Neural and hormonal mechanisms in aggression, including the roles of the limbic system, serotonin and testosterone.

Neural and Hormonal Mechanisms in Aggression

Description, AO1:

The Limbic System:

Subcortical structures in the brain (including the hypothalamus and amygdala) thought to be closely involved in regulating emotional behaviour.

How does the limbic system link to aggressive behaviour?

  • First attempt to link was made by Papez & later revised by McClean
  • Most important aspect of the system is the amygdala
  • The amygdala has a key role in how humans and non-humans assess and respond to environmental threats and challenges.
  • The reactivity of the amygdala in humans has proven to be an important predictor of aggressive behaviour.


Research showing a link between reactive aggression & the amygdala: Gospic et al (2011) use a lab method called the Ultimatum Game. 2 players – The proposer and the responder. The proposer offers to split the money in a certain way (fair or unfair) with the responder. If the responder accepts, the money is split as proposed. If the responder rejects the offer, both players receive nothing. The responders played while having their brain scanned using fMRI. Unfair offers (leading to an aggressive reaction from social provocation) = when responders rejected them there was found to be a fast and heightened response by the amygdala. In a variation participants were given an anti-anxiety drug (BZs) before the game, this had two effects; There was a reduction in rejected ‘unfair’ offers and a decrease of amygdala activity. This research can also be used as evaluation (AO3) in order to support the limbic system in aggressive behaviour.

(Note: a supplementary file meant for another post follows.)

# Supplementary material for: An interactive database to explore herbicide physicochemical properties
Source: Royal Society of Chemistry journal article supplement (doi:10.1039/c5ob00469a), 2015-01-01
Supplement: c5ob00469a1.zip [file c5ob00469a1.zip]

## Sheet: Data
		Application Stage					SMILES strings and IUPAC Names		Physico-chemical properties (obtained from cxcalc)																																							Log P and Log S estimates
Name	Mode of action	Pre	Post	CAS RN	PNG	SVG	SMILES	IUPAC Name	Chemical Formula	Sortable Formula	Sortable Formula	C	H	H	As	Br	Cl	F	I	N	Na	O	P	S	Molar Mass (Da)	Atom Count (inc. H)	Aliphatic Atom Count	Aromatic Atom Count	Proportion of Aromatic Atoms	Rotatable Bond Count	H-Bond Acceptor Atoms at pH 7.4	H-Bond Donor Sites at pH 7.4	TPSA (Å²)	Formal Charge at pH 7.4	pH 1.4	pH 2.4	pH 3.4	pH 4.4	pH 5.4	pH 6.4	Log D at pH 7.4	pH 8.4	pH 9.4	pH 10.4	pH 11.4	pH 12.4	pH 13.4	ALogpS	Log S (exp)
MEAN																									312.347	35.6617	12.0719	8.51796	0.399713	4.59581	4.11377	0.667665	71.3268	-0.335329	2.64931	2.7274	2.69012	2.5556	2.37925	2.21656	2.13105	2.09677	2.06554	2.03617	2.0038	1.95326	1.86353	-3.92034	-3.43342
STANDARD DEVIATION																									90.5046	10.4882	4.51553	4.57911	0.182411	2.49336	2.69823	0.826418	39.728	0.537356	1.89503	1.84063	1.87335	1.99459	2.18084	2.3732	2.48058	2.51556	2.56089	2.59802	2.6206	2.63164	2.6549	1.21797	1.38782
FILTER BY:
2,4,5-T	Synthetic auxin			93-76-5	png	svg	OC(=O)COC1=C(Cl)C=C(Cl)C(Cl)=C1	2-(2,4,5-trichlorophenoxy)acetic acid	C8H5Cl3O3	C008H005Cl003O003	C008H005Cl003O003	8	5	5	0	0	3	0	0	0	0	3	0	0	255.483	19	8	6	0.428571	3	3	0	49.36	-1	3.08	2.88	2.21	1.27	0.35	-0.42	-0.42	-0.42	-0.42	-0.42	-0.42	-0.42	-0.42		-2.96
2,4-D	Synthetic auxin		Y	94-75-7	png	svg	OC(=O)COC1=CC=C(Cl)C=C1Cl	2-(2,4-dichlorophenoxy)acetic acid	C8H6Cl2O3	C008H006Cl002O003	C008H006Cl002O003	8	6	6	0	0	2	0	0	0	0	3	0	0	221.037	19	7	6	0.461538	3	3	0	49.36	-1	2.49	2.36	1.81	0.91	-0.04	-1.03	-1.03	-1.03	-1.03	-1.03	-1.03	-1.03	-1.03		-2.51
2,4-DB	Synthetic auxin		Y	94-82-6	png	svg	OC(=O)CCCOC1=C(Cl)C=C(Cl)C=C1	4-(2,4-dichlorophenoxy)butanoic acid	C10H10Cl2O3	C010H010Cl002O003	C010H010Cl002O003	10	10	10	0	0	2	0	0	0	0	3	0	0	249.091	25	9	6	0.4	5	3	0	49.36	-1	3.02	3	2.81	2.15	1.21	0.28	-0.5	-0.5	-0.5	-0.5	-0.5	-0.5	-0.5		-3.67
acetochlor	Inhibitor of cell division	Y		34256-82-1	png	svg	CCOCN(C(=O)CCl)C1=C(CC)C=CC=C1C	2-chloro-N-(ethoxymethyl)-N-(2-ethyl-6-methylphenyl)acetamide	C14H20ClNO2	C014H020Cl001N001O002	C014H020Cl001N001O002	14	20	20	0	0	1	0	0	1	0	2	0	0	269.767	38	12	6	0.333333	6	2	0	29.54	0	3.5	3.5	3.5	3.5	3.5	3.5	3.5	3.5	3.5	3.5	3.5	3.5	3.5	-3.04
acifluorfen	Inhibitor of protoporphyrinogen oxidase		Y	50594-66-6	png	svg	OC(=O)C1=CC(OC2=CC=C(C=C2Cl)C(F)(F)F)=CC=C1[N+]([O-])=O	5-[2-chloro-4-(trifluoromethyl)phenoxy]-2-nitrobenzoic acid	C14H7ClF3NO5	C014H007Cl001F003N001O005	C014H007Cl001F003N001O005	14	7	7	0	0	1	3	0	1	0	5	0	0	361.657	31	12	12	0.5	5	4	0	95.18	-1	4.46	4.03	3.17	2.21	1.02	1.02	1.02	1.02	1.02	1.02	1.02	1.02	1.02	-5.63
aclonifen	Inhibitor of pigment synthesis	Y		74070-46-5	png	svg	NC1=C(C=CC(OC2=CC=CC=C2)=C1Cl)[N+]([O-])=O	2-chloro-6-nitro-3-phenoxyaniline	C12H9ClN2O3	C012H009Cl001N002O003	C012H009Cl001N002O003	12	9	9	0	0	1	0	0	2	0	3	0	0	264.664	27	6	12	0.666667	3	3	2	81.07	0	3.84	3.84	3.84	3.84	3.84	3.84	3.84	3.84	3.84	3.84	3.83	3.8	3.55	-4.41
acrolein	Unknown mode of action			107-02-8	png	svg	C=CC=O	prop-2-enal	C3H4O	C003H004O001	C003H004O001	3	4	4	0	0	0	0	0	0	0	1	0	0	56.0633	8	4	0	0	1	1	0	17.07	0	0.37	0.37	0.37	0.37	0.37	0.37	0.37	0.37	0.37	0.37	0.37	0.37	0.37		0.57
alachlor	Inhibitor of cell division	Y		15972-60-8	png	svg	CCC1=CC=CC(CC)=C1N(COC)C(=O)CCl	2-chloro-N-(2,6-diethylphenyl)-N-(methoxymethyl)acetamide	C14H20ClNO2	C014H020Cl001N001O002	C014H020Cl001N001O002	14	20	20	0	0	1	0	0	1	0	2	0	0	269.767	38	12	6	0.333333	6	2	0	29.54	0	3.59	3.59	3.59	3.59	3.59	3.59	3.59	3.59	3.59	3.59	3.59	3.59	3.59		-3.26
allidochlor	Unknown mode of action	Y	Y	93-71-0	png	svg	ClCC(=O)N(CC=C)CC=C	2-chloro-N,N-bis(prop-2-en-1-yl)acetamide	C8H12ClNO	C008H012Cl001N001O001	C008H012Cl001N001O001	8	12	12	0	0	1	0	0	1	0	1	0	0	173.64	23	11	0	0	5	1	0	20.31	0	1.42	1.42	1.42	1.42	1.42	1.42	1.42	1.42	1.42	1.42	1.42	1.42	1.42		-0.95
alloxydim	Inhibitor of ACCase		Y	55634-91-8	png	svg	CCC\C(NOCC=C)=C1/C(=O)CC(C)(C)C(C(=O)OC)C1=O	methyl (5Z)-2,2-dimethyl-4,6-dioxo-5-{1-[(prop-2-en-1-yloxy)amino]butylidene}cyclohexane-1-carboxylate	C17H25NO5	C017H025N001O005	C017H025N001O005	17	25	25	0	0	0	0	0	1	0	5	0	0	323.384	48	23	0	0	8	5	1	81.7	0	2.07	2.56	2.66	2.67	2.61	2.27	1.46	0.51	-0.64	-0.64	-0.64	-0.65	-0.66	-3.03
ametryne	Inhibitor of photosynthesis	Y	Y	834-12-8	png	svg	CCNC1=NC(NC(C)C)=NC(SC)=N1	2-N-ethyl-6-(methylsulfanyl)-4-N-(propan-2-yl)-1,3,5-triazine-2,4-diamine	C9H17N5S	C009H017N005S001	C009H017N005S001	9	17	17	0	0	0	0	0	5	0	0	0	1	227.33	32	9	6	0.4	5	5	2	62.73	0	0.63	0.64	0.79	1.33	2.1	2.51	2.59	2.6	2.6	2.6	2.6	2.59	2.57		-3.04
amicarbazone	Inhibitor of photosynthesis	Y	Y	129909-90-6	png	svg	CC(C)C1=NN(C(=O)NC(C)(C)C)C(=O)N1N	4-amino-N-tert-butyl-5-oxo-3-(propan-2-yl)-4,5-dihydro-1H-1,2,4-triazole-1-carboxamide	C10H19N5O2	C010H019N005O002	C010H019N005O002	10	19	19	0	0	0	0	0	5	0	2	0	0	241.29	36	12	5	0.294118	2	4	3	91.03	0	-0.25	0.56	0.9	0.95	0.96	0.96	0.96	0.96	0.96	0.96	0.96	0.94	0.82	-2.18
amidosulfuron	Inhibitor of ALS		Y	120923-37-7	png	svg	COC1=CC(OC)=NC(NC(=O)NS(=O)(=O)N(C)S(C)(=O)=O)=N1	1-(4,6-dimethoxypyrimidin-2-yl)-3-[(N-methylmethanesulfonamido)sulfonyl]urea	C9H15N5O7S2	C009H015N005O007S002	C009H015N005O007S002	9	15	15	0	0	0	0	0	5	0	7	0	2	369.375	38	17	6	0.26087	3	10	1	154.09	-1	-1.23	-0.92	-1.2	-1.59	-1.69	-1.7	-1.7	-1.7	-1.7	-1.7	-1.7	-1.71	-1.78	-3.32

Evaluation, AO3 of the Role of the Limbic System in Aggression:


(1) Point: Raine et al’s research supports the idea of a link between the limbic system and aggressive behaviour. Evidence: For example, Raine et al (1997) scanned the brains of 41 murderers and 41 controls. They found, using PET scans, that some had abnormalities in the way that their limbic systems functioned. Elaboration: This is a strength because it demonstrates that the limbic system could be implicated in aggressive behaviour, because if there wasn’t a link then there’d be no difference between the PET scan results of the murderers and controls.



(1) POINT: A weakness is that the research that links the limbic system to aggressive behaviour is correlational. EXAMPLE: For example, research suggests that abnormalities in the limbic system causes aggressive behaviour however, it could be that an increase in aggressive behaviour causes abnormalities in the limbic system. EVALUATION: This is a weakness because it means that a cause and effect relationship cannot be established between abnormalities in the limbic system and aggressive behaviour, therefore researchers cannot draw firm conclusions.


The Role of Serotonin in Aggressive Behaviour

Description, AO1:

What is serotonin?

A neurotransmitter involved in communication of impulses between neurons, it has a widespread inhibitory effect on the brain.

How does serotonin link to aggressive behaviour?

  • Normal levels of serotonin in the orbitofrontal cortex are linked to reduced firing or neurons, this is associated with a greater degree of behavioural self-control.